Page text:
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Slashdot Asks: Which IT Hiring Trends Are Hot, and Which Ones Are Going Cold? 190

snydeq writes: Recruiting and retaining tech talent remains IT's biggest challenge today, writes Paul Heltzel, in an article on what trends are heating up and what's cooling off when it comes to IT staffing. "One thing hasn't changed this year: Recruiting top talent is still difficult for most firms, and demand greatly outstrips supply," writes Heltzel. "That's influencing many of the areas we looked at, including compensation and retention. Whether you're looking to expand your team or job searching yourself, read on to see which IT hiring practices are trending and which ones are falling out of favor." What are you seeing companies favoring in the hiring market these days?
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Slashdot Asks: Which IT Hiring Trends Are Hot, and Which Ones Are Going Cold?

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  • by Anonymous Coward

    Hot: Python

    Cold: Slashcode

  • by turkeydance ( 1266624 ) on Monday September 18, 2017 @06:45PM (#55222345)
    have you seen that movie?
    • by msauve ( 701917 )
      Spam: The Movie?

      Because that's what this is, pure and simple. Check the submitter's history, constant submissions of articles from the same site.

      Clickbait. Just say no.

      Bad /. editor, bad.
  • by rsilvergun ( 571051 ) on Monday September 18, 2017 @06:48PM (#55222353)
    Unless we're talking H1-Bs I don't see that in the slightest. What I do see is several of my buddies in dead end jobs (and a few acquaintances rocking recent CS degrees stuck in crap IT jobs) while workers here on cheap visas and outsourcing dominate the industry. I suppose if they can keep this up though nobody local will go into IT (since you can't get work). I can tell you this, I just sent my kid to college to be a nurse. IT ranked below liberal arts degree on the list of things I wanted her to major in.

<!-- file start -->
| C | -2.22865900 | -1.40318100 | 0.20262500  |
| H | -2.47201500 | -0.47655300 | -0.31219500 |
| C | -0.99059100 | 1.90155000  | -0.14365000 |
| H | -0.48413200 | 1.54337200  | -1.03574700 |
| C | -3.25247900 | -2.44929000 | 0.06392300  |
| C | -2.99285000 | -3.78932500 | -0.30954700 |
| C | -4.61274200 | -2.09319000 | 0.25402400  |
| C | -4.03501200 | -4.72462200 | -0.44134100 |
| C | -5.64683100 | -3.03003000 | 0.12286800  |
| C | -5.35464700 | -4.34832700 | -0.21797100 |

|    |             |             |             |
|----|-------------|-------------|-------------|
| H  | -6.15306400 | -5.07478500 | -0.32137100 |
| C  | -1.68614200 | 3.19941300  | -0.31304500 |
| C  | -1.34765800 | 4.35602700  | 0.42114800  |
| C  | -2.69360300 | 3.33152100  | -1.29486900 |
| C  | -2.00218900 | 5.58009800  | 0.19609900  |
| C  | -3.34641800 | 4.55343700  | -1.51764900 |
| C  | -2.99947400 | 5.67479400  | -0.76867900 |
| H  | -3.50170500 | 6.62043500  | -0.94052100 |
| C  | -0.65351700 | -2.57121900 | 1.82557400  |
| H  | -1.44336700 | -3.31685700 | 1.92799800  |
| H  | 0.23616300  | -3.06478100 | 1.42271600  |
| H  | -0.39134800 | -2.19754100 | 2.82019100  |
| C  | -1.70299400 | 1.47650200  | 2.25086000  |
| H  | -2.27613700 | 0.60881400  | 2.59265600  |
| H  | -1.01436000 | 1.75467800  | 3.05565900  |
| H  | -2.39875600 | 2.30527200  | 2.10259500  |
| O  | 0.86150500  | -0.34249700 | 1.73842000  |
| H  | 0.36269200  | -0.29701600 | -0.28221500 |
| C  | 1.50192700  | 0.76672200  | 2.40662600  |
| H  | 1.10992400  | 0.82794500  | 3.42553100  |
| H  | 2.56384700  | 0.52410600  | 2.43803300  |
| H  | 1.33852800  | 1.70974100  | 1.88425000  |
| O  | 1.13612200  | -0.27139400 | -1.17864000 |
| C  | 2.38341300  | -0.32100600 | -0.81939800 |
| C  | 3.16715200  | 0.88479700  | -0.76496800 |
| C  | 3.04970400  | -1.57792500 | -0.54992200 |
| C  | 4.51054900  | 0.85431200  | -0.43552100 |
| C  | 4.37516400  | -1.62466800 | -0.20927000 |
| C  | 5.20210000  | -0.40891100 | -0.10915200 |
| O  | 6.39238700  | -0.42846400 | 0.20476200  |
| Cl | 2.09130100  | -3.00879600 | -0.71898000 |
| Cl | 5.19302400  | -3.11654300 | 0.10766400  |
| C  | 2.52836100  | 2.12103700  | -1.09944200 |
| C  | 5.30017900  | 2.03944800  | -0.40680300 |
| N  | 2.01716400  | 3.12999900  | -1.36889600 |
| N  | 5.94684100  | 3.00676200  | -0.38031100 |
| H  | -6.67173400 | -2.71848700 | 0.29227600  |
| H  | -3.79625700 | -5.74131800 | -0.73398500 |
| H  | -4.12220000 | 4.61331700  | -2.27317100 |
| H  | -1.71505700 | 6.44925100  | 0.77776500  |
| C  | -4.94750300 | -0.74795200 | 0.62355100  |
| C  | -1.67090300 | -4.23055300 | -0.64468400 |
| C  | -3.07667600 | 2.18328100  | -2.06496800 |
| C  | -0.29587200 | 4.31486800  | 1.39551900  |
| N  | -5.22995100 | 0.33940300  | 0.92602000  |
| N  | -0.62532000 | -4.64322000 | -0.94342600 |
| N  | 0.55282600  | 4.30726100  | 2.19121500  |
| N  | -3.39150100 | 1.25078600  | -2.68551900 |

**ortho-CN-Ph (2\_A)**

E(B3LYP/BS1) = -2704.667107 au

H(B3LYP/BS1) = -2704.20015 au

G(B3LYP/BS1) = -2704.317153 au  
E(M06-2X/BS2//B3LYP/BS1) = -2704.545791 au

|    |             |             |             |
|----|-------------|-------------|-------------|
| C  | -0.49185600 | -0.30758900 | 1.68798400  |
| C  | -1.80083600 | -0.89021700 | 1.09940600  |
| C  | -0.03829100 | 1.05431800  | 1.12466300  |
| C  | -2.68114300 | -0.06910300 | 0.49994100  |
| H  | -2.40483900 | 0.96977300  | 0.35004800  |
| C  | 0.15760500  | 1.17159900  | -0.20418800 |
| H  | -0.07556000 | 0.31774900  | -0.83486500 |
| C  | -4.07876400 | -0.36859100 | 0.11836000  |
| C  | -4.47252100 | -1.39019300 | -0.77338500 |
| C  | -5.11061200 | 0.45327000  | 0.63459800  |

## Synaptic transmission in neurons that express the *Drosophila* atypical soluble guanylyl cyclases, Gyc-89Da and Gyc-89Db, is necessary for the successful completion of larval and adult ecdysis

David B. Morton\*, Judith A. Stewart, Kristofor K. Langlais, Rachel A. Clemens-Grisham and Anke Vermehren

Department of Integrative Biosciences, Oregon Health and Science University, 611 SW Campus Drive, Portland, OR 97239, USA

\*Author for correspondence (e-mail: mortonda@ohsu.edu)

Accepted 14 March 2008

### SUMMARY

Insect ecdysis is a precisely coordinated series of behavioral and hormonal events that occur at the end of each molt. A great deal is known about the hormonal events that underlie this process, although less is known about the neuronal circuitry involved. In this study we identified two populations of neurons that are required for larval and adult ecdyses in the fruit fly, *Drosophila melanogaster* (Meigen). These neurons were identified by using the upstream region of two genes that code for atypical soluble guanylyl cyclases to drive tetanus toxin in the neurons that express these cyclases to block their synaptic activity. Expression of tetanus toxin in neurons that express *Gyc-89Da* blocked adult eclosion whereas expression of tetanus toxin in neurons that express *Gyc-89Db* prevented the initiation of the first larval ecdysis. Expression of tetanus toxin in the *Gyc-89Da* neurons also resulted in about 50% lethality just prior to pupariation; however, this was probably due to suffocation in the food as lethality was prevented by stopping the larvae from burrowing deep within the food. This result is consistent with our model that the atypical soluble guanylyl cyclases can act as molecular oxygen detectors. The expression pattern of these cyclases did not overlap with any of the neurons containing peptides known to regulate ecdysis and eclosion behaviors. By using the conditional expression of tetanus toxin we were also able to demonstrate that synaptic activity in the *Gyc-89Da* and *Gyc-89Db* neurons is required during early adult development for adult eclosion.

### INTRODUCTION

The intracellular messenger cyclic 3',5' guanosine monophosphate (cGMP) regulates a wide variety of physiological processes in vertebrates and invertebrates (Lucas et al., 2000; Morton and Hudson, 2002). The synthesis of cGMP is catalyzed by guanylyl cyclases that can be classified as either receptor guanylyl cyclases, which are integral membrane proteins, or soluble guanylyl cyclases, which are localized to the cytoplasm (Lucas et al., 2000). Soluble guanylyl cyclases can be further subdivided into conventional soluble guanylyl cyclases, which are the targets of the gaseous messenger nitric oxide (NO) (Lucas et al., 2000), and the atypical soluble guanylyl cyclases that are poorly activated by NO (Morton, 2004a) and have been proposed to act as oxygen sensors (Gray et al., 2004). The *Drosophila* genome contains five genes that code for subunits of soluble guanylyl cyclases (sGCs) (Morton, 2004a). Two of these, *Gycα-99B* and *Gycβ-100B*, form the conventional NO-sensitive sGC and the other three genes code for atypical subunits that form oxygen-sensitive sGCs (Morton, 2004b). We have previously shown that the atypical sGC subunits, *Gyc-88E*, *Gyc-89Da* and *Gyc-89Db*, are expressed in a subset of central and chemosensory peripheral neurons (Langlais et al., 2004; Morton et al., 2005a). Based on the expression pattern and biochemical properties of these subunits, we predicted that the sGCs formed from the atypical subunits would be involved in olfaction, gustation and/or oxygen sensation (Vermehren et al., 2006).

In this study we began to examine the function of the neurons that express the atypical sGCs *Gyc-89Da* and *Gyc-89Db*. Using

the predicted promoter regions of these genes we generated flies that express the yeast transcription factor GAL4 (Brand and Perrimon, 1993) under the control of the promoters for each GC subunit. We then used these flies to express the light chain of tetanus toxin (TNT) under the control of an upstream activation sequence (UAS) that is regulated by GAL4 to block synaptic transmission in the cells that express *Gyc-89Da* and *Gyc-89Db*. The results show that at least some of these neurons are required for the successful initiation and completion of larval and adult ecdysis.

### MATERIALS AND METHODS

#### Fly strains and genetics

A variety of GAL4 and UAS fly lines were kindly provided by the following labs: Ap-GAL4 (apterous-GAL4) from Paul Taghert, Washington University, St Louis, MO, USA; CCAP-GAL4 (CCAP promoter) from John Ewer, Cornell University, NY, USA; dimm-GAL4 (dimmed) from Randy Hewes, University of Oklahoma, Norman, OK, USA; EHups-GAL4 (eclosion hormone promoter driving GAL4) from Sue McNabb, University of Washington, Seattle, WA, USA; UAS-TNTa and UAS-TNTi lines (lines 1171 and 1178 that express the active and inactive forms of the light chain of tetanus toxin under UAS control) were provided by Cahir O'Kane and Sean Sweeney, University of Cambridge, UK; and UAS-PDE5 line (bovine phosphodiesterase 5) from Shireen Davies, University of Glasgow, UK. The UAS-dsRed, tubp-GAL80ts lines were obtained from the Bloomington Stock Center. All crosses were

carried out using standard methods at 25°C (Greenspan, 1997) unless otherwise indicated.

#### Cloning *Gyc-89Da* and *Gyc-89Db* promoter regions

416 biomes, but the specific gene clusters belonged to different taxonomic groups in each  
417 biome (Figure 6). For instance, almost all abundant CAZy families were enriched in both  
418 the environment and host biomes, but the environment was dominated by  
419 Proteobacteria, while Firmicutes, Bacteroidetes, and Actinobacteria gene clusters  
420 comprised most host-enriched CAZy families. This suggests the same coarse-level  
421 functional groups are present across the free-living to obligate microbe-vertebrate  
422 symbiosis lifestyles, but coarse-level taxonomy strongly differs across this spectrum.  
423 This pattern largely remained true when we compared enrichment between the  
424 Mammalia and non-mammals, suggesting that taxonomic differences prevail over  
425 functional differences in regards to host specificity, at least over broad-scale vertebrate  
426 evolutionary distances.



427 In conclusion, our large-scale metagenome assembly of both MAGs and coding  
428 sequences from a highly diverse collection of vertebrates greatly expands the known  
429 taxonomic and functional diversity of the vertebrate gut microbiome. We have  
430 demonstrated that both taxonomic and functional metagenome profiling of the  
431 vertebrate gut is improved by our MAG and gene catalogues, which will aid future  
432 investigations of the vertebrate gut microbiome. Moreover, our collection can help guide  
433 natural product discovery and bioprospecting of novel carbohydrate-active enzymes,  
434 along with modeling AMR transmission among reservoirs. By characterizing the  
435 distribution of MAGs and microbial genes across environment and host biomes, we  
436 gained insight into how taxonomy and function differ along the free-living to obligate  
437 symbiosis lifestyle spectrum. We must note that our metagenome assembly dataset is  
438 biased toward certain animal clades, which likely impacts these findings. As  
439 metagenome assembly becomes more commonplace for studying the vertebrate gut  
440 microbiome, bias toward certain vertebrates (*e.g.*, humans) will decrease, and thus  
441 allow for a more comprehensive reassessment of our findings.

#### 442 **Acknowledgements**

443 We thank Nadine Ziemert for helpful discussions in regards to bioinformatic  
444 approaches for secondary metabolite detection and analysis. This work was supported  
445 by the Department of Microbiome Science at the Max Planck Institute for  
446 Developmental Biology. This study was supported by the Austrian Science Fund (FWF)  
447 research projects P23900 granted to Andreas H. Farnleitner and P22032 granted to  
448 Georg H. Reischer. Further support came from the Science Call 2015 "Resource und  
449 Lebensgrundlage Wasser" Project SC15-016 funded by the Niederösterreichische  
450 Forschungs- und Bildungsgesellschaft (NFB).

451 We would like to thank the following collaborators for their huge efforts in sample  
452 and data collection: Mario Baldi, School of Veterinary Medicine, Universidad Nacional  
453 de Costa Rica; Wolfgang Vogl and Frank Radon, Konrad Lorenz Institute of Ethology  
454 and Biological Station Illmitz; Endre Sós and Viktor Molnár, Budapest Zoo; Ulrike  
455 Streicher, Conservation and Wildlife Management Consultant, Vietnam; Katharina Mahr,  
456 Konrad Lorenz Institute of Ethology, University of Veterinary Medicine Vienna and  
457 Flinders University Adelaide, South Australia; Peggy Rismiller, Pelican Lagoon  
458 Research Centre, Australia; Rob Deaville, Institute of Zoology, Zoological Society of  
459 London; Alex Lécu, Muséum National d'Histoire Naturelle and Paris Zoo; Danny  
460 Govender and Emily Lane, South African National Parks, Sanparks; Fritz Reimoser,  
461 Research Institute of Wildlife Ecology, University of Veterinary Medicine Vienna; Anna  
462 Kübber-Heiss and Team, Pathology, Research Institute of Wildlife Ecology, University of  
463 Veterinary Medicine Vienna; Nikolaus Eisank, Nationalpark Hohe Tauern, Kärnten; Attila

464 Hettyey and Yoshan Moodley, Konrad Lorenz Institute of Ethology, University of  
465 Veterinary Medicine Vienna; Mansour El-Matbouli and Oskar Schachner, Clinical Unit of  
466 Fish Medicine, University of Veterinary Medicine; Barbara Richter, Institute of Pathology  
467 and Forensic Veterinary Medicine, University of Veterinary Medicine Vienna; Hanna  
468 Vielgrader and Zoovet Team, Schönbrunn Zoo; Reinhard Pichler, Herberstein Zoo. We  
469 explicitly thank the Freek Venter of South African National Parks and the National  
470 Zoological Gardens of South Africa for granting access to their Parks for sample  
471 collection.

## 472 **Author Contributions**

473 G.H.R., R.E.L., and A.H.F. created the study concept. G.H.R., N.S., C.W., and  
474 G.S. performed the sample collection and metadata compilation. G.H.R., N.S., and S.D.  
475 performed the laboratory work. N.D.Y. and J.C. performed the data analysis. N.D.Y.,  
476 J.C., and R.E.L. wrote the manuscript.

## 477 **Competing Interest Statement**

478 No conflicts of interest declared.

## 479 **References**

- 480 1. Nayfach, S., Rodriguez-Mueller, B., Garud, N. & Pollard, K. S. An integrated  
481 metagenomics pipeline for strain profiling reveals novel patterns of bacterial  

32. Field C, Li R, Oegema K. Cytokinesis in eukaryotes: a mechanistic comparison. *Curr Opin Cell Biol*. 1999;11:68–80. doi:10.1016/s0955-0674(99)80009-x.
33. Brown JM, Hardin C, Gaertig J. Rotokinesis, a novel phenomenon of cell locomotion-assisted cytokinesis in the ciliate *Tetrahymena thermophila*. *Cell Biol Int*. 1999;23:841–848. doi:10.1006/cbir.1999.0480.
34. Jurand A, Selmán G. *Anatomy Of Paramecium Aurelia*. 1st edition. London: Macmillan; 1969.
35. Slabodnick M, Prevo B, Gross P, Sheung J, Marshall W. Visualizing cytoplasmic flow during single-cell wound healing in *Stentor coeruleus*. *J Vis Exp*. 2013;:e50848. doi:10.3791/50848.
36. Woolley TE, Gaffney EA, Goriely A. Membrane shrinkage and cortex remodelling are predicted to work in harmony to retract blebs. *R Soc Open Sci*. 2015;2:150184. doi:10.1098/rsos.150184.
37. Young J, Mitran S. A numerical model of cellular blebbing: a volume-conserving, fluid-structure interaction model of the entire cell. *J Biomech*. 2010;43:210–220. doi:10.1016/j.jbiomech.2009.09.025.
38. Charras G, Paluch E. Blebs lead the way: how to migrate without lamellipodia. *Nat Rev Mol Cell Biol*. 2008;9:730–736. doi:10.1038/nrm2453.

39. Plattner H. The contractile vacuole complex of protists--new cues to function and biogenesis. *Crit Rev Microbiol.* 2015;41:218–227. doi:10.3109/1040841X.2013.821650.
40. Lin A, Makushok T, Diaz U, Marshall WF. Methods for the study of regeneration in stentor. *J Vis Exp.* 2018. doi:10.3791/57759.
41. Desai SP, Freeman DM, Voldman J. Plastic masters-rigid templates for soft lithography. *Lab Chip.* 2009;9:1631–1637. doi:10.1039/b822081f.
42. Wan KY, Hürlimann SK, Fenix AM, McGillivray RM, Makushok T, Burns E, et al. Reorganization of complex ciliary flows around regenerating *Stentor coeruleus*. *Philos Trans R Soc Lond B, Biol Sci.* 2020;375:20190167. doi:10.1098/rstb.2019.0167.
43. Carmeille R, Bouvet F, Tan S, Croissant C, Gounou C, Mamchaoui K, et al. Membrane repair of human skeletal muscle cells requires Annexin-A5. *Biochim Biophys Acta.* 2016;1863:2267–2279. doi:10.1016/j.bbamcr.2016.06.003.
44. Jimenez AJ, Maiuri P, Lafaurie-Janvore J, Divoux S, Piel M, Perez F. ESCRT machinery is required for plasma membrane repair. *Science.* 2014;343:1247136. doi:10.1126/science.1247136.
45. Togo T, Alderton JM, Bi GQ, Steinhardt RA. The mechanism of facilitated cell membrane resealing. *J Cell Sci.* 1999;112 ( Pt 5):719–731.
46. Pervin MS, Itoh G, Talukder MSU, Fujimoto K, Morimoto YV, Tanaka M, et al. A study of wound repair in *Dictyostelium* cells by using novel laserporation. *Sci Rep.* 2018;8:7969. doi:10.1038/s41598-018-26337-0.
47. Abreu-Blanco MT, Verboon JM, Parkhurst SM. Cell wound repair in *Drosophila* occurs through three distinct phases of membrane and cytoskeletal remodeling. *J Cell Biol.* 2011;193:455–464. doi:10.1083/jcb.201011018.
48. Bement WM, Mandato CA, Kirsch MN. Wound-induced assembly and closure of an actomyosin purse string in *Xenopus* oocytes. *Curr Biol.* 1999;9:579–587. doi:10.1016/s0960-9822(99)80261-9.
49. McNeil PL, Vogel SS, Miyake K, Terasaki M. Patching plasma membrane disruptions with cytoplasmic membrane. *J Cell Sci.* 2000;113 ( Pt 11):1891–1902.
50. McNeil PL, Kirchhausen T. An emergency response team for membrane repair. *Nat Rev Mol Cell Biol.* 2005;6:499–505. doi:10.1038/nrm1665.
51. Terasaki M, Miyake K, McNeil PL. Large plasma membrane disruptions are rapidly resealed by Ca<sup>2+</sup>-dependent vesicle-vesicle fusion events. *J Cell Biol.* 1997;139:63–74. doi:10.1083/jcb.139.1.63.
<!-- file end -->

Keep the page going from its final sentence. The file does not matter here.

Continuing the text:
• Re: (Score:3, Insightful)

      by Anonymous Coward

      The key word here is "top." Every single business wants to higher the top of the industry elites....not just regular people who managed to get a degree.

      There is a difference in what top tier talent can deliver. Plenty of people consider themselves to be top tier talent until the real world hits them in the face. But that is a separate issue.

      There are three problems with retaining top tier talent:

      1) they are expensive, and businesses want top tier on the cheap.
      2) Other businesses want them, so their have

      • Re: (Score:2, Insightful)

        by Anonymous Coward
        I'm not so convinced that most management teams would know actual "top tier talent" if it hit them in the face, nor would they know how to let new blood actually recommend improvements that go against company culture.
        • by sycodon ( 149926 )

          Managers are idiots.

          They operate in the arena of influence and appearances. If they read in Fortune that some technology is Trending, they'll want to find someone and be able to say their department is Top technology. So their hire fresh turds of of school who've had a few semesters in Visual processing, or some other AI and pay them tons of money while ignoring the people that are actually keeping the company running by maintaining and enhancing the current systems.

          Some AI jock can't make sure the check go

        • by JaredOfEuropa ( 526365 ) on Tuesday September 19, 2017 @01:45AM (#55223783) Journal
          Also, they often don't know why, where or when they need to recruit top talent. Many jobs don't require rock star talent and can be filled by IT staff who are merely good.
      • by Chokai ( 10224 )

        I've seen this in particular with millennials and those who had helicopter parents getting hit by the real world for the first time. Some times hard.

        Oh the number of discussions I've had with folks over the last ~8 years that amount to: No you really aren't worth that much money yet, yes I know you graduated from xyz cse program. However doing good academically does not mean you are going to be as good in 2 years as the dev with 10 years experience that graduated from abc school's mid-tier cse program. I

      • by plopez ( 54068 )